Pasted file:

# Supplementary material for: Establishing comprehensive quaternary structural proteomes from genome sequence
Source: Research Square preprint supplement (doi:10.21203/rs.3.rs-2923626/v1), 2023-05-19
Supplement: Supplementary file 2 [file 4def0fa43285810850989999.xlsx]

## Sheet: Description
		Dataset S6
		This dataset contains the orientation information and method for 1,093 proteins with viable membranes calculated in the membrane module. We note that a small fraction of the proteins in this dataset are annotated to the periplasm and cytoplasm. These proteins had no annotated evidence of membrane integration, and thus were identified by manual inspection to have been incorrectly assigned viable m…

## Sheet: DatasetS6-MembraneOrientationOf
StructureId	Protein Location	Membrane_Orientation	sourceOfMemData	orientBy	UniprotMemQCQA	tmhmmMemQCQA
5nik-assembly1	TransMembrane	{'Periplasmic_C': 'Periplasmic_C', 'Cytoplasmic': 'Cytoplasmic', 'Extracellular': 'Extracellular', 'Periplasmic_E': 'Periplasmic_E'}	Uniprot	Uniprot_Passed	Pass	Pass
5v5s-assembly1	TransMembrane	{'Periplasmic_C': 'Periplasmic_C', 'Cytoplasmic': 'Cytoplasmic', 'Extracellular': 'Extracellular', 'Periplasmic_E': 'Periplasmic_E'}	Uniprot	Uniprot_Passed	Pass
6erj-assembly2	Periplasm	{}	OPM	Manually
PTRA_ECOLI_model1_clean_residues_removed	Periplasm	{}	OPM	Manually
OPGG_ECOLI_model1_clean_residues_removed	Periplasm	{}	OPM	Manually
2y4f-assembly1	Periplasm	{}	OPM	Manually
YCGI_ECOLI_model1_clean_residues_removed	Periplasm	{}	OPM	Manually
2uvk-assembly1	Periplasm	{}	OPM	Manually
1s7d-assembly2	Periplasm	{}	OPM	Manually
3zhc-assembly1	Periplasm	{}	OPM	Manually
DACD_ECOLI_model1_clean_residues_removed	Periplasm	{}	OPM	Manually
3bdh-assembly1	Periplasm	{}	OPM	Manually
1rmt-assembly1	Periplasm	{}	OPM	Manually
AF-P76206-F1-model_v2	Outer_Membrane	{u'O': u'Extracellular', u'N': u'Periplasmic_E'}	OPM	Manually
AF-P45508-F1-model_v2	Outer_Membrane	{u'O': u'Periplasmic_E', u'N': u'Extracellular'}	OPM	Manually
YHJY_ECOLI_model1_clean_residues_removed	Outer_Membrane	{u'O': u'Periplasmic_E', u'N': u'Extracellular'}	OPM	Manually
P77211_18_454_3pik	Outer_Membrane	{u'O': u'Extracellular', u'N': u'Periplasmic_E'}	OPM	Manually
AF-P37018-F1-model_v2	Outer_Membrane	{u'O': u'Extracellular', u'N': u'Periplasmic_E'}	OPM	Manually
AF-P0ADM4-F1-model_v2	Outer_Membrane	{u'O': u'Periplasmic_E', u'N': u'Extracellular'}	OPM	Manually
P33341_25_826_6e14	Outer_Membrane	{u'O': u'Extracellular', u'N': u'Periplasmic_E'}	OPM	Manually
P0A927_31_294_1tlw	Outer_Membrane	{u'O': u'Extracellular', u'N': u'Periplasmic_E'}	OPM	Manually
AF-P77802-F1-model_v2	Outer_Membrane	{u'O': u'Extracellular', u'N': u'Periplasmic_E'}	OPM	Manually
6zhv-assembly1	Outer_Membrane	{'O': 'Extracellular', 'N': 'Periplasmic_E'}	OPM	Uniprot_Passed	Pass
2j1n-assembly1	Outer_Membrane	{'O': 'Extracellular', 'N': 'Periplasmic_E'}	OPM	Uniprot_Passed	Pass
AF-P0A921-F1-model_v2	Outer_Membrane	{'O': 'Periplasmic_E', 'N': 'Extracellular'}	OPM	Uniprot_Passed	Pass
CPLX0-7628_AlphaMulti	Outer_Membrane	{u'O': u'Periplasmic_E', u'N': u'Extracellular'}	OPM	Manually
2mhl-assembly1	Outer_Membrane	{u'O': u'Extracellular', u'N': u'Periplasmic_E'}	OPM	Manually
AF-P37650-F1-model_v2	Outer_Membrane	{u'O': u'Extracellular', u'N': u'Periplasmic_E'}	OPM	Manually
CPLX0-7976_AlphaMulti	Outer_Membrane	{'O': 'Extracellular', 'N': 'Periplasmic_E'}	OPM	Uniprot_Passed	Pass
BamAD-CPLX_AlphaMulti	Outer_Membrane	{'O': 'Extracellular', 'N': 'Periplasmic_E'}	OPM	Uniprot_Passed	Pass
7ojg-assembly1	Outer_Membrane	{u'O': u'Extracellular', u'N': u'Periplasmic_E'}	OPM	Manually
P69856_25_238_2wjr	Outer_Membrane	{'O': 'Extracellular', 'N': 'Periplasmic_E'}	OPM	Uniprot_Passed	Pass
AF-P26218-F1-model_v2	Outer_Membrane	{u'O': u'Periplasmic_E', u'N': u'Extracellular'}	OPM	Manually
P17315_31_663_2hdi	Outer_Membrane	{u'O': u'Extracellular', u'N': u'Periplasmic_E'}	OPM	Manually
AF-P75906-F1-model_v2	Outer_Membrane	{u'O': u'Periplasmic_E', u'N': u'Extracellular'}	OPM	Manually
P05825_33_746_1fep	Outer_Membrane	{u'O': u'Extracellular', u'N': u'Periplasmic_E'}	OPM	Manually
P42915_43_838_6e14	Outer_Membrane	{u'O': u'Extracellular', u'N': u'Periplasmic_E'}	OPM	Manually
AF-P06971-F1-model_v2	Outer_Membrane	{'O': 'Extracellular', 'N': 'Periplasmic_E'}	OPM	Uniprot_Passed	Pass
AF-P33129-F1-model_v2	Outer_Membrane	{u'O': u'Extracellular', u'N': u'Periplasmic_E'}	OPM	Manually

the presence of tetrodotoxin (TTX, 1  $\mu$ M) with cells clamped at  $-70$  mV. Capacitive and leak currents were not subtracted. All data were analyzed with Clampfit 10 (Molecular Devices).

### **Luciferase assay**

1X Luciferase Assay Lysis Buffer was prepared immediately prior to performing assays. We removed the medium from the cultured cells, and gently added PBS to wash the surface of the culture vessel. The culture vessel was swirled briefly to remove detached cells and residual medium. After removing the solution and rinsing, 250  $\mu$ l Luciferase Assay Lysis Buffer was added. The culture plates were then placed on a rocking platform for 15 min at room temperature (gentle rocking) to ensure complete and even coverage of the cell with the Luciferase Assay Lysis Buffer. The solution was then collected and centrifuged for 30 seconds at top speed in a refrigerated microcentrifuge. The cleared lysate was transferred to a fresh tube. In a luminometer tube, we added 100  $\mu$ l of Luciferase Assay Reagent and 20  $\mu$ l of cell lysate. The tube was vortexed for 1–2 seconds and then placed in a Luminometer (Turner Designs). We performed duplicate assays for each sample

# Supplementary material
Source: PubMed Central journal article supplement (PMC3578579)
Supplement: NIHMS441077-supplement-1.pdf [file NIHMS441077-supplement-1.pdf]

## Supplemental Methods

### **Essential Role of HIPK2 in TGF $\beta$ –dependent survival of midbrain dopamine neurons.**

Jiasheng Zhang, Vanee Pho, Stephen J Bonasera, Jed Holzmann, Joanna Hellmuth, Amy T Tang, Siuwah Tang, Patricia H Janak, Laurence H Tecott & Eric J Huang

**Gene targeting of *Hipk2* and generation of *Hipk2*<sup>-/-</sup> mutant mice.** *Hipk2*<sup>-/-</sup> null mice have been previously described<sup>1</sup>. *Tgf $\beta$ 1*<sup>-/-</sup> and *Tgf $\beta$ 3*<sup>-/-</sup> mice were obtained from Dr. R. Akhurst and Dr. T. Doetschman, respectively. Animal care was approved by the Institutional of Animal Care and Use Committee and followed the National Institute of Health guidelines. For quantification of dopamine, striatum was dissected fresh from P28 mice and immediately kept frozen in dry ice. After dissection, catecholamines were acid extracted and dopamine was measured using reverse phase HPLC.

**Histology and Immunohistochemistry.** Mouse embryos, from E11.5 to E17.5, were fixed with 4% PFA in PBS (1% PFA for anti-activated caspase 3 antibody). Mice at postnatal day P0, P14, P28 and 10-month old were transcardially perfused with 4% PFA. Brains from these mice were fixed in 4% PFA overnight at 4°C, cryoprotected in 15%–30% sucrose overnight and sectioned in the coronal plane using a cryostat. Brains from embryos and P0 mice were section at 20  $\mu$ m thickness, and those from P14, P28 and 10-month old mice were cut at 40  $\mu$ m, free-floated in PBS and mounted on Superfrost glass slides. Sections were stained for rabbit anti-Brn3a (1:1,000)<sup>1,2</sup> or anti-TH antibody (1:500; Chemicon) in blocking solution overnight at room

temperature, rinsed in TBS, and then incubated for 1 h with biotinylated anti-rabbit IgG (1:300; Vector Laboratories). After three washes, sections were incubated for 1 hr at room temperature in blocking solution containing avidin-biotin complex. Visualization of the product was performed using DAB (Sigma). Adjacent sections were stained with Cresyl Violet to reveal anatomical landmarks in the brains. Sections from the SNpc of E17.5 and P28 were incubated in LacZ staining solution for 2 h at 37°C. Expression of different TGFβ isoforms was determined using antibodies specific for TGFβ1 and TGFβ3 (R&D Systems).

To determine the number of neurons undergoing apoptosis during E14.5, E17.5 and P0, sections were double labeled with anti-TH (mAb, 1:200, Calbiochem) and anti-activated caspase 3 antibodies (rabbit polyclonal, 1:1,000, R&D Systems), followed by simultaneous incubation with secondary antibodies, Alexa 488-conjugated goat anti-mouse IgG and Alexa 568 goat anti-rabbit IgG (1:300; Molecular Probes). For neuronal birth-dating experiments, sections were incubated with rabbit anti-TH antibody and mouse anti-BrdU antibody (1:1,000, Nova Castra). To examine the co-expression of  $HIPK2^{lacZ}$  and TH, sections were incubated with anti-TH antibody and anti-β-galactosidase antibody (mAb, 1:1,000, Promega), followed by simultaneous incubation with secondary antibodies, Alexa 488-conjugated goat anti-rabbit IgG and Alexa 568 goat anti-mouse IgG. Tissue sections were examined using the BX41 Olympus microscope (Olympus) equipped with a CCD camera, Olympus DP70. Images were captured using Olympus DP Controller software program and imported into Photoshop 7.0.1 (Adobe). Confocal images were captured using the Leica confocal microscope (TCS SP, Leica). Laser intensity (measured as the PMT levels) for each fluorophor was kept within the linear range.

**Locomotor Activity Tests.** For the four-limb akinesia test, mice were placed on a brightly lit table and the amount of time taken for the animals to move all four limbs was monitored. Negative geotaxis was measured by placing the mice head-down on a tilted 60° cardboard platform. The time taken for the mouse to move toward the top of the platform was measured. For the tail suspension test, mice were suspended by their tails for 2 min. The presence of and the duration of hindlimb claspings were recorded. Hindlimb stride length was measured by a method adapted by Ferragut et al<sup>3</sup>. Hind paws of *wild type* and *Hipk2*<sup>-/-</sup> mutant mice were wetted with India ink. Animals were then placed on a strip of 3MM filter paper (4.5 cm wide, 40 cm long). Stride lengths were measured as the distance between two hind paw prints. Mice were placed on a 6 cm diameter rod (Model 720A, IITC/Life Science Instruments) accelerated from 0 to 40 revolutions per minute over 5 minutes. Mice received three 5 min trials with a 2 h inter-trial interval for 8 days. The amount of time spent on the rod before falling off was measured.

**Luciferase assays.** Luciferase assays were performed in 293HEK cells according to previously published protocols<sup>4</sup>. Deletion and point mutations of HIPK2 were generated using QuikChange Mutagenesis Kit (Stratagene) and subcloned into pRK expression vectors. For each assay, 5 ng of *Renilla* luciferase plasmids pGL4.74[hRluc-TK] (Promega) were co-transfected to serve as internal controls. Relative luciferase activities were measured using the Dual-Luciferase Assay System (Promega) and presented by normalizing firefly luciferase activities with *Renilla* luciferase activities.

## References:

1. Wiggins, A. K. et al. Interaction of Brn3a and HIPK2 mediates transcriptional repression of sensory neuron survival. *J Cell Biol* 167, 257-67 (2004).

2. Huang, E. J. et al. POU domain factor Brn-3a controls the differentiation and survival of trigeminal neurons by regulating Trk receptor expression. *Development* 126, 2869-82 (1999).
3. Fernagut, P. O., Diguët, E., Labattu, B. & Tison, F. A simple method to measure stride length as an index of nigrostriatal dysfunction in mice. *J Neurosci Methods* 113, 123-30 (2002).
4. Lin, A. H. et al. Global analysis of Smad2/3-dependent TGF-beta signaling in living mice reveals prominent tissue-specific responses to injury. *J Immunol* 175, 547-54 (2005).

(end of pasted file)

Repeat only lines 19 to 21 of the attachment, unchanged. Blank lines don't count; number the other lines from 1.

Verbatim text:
DACD_ECOLI_model1_clean_residues_removed	Periplasm	{}	OPM	Manually
3bdh-assembly1	Periplasm	{}	OPM	Manually
1rmt-assembly1	Periplasm	{}	OPM	Manually